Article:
Jesus, on the other hand, taught us to ask for help. Jesus, because he experienced life as a human being, knew that we can’t always work alone. Jesus knew what it was like to need food or a place to sleep. I imagine one of the tasks of his disciples was to find food and lodging for the group as they wandered from place to place. They had to ask for help.
In today’s scripture, Jesus is preparing the disciples for his departure. He is expecting them to continue his work, to continue sharing his message.He knows that they are sometimes afraid. He knows that they don’t fully understand his teachings. It would be great if he could continue living on earth, and all the disciples would have to do was take care of him. But that wasn’t Jesus’ plan.
It was time to turn the work over to the disciples. They would become the teachers and the preachers. Jesus knows that the disciples don’t always understand what he is trying to accomplish. They don’t understand the concept of God’s kingdom. They don’t understand the super-logic of Jesus’ death and resurrection.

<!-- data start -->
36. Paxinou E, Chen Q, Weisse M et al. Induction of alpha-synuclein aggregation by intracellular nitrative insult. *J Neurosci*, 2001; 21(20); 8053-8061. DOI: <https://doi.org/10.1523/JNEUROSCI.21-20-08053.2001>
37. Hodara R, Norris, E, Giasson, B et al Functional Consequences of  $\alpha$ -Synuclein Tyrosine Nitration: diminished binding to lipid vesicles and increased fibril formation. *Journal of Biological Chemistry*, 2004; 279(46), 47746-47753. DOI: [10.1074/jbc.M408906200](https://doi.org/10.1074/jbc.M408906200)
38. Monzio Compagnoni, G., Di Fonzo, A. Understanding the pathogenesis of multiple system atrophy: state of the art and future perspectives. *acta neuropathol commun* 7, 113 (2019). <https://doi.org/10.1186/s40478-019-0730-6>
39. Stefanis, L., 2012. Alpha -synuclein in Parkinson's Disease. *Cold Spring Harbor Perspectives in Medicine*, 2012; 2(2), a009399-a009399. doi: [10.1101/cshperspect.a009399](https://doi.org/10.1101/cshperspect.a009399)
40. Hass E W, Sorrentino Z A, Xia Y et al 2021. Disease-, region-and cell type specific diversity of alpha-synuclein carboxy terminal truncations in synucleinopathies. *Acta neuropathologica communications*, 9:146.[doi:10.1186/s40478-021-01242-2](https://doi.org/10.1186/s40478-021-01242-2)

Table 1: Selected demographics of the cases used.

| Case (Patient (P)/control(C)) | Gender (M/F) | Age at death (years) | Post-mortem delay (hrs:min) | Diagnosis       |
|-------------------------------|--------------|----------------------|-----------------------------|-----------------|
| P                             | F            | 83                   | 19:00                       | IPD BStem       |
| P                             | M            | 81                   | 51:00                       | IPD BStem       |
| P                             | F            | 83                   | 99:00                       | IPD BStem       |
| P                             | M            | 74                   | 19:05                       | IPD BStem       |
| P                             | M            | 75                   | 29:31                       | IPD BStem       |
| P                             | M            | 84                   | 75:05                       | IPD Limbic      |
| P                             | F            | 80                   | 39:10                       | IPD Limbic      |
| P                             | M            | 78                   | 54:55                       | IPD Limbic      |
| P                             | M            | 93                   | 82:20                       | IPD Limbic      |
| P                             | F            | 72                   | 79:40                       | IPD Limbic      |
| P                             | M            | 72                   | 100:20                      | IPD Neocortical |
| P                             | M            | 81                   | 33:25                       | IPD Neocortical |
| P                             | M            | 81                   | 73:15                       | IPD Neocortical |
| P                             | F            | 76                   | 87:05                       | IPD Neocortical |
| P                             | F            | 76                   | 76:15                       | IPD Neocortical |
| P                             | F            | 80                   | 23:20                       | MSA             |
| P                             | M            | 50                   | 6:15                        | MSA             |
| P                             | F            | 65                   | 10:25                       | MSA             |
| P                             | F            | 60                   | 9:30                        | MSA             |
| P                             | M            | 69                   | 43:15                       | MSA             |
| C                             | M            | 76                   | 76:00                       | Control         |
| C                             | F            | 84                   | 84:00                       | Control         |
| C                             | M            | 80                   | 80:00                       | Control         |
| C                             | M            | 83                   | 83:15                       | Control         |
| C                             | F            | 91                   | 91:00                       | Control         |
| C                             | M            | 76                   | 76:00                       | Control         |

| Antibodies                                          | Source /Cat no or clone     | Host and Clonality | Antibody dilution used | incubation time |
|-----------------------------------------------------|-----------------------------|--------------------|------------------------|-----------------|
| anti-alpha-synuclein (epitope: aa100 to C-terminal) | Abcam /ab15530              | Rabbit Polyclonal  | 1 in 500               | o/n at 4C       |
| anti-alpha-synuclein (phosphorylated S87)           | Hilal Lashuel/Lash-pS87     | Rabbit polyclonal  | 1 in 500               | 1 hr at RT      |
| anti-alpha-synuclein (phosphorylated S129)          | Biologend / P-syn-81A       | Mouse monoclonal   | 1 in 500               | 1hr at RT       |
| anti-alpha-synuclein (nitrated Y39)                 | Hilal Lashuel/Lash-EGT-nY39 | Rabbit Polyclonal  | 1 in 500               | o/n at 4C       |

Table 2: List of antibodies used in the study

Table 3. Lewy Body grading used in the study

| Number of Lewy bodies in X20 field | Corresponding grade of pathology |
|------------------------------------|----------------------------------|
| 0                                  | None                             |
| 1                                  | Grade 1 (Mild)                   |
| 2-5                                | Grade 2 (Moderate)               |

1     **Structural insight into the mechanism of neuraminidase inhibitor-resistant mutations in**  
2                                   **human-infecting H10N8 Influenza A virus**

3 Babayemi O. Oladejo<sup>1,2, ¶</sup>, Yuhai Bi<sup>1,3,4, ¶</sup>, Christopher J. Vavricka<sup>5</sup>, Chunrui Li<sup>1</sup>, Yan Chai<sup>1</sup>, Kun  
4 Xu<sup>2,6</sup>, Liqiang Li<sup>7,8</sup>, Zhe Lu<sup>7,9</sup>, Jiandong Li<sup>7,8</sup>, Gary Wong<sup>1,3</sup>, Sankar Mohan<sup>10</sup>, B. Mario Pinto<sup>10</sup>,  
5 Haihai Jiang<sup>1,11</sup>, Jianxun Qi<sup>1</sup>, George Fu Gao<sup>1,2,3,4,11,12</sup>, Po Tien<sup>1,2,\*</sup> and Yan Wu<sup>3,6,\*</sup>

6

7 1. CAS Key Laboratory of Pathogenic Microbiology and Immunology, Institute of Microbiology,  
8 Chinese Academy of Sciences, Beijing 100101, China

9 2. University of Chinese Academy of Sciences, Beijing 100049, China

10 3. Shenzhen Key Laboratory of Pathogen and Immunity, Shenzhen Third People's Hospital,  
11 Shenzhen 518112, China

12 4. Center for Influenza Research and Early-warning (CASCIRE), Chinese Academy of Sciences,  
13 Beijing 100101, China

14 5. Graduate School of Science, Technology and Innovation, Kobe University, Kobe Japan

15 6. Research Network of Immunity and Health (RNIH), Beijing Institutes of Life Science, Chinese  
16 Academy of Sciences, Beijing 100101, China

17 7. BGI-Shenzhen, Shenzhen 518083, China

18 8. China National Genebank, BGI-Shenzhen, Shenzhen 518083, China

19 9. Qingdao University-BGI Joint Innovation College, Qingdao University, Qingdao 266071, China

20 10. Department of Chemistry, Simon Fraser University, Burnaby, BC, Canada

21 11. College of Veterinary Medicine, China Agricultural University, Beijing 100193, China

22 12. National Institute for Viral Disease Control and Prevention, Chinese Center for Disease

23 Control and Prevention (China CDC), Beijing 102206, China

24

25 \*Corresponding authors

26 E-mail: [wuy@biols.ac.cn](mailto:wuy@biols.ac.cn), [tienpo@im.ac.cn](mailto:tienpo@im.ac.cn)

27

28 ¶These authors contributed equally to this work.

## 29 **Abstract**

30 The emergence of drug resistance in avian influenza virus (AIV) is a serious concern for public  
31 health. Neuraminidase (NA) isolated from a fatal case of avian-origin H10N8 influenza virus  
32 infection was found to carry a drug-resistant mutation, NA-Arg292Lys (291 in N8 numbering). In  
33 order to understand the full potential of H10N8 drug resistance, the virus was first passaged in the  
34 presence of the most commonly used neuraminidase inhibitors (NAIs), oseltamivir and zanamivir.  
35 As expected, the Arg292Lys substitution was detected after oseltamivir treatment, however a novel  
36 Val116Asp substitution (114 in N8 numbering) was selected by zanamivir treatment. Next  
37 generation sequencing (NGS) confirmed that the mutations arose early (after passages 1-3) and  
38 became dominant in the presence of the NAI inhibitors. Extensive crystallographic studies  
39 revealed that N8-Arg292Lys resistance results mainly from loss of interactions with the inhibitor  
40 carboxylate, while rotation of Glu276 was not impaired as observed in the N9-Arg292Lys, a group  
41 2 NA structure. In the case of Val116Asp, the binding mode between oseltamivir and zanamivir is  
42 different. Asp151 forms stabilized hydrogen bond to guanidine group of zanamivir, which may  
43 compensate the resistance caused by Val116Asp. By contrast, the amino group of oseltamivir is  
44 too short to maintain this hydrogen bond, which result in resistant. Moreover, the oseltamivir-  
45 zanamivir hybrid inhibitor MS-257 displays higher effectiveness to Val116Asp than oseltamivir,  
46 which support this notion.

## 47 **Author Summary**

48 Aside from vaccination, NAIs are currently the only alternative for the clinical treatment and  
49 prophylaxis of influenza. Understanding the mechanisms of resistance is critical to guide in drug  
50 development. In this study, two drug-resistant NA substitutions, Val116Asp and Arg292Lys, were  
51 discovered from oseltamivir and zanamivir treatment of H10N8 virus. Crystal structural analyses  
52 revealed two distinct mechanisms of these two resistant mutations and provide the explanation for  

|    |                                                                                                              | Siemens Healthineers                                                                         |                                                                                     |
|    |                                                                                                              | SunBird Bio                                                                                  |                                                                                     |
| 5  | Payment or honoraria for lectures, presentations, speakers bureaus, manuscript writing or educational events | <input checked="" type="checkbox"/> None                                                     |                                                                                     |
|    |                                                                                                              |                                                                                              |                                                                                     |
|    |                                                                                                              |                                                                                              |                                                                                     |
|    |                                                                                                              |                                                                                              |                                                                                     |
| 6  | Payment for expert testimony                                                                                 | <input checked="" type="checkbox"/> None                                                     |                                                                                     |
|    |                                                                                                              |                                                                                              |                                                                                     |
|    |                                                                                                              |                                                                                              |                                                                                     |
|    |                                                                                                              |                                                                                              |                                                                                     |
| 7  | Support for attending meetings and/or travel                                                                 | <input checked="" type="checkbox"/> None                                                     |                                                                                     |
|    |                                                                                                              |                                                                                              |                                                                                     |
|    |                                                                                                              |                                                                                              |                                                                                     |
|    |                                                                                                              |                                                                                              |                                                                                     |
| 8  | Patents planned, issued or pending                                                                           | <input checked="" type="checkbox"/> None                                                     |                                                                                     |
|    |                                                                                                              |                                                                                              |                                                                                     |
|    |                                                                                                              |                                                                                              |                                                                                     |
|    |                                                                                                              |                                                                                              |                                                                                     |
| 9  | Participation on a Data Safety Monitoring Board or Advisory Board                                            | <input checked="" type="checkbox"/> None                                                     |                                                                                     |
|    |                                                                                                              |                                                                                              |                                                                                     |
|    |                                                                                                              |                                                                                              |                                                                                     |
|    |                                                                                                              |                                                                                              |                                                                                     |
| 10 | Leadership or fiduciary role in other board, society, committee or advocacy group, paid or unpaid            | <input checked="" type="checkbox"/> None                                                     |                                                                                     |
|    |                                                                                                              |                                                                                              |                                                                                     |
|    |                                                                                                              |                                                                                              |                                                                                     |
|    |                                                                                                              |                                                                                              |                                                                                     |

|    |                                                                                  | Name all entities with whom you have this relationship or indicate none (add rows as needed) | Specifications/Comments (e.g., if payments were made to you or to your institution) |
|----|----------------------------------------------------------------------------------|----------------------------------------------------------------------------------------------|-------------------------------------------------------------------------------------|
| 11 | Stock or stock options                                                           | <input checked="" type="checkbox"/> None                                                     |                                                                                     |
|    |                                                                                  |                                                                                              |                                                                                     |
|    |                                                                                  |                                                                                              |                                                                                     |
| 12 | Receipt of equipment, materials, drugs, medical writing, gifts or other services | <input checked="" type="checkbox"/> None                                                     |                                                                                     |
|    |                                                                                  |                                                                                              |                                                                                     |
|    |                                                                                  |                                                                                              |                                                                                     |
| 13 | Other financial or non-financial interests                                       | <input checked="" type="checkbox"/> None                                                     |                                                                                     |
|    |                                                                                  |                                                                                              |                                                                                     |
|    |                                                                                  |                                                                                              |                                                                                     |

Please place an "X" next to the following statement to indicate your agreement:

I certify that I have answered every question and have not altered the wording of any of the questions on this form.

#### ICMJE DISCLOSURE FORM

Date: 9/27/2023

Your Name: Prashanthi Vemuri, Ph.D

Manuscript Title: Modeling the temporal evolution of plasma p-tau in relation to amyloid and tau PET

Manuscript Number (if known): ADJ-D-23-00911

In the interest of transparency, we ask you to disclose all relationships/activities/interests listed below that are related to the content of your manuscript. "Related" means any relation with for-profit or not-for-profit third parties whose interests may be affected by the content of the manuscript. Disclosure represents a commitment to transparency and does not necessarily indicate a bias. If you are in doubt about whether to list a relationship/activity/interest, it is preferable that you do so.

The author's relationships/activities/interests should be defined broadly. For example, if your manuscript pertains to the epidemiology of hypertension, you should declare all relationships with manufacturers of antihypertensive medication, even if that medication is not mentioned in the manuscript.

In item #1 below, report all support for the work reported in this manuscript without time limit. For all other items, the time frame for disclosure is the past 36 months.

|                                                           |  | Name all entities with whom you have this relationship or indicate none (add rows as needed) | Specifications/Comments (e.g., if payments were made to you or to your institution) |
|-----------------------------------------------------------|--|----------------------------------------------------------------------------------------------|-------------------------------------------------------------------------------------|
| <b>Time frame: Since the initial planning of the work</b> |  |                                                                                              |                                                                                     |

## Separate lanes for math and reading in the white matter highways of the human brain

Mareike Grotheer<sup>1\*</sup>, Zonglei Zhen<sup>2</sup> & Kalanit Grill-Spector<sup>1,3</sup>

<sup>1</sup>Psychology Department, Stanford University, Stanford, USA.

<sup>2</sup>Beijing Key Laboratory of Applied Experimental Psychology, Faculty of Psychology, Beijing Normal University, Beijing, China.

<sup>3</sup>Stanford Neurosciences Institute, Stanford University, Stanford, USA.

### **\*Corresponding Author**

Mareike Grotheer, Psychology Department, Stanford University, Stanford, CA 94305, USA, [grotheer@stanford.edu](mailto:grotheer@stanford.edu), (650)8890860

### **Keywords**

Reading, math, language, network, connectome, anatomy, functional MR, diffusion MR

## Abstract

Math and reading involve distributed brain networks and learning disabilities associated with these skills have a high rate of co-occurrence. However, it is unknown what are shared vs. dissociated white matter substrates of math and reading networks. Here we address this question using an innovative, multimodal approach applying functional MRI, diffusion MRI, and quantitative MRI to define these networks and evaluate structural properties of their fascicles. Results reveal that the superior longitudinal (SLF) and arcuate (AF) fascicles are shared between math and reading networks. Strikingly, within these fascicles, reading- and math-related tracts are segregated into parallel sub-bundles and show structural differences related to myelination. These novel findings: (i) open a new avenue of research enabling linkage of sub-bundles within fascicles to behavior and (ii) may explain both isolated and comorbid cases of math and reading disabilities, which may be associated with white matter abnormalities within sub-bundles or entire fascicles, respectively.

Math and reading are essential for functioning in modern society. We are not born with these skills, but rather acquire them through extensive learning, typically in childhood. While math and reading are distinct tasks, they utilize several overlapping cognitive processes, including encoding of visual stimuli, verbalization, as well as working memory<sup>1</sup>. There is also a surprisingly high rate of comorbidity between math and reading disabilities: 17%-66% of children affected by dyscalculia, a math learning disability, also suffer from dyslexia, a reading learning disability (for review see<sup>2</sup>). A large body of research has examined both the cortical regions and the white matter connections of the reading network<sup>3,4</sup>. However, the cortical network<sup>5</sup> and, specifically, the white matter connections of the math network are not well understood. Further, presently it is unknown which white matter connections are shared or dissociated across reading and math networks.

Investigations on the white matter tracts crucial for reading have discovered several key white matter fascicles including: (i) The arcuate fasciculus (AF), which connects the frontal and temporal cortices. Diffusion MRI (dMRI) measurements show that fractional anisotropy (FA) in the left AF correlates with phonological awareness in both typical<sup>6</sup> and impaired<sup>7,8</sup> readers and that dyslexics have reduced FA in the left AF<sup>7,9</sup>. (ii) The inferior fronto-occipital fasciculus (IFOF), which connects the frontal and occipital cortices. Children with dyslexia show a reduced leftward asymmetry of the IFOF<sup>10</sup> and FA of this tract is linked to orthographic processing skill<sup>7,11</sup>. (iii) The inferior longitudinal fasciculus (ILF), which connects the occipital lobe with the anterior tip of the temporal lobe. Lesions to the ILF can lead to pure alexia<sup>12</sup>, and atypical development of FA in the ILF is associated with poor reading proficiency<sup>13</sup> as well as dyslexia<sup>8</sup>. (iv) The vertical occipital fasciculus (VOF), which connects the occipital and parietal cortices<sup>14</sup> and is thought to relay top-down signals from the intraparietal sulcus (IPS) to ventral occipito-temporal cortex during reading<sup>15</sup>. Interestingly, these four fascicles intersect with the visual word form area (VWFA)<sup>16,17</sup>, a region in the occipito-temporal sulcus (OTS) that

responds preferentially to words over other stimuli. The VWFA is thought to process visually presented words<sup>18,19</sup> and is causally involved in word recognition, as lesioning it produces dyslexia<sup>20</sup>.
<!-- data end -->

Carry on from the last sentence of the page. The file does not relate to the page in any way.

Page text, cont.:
12 I have much more to say to you, but right now it would be more than you could understand. 13 The Spirit shows what is true and will come and guide you into the full truth. The Spirit doesn’t speak on his own. He will tell you only what he has heard from me, and he will let you know what is going to happen.
Jesus is prepared. He can assure the disciples that the Spirit will support them and give them the knowledge, wisdom, and courage to continue to build the Kingdom.
Imagine the disciples’ trepidation, after watching Jesus draw crowds of thousands of people. Imagine their doubt that they could speak as beautifully or eloquently. Imagine their fear that no one would listen to them. And imagine their reluctance as they recalled how Jesus had been harassed by community leaders. And imagine their terror when they remember Jesus’ arrest, prosecution, and execution.
According to tradition, all of them experienced harassment, prosecution, and death for sharing the Good News.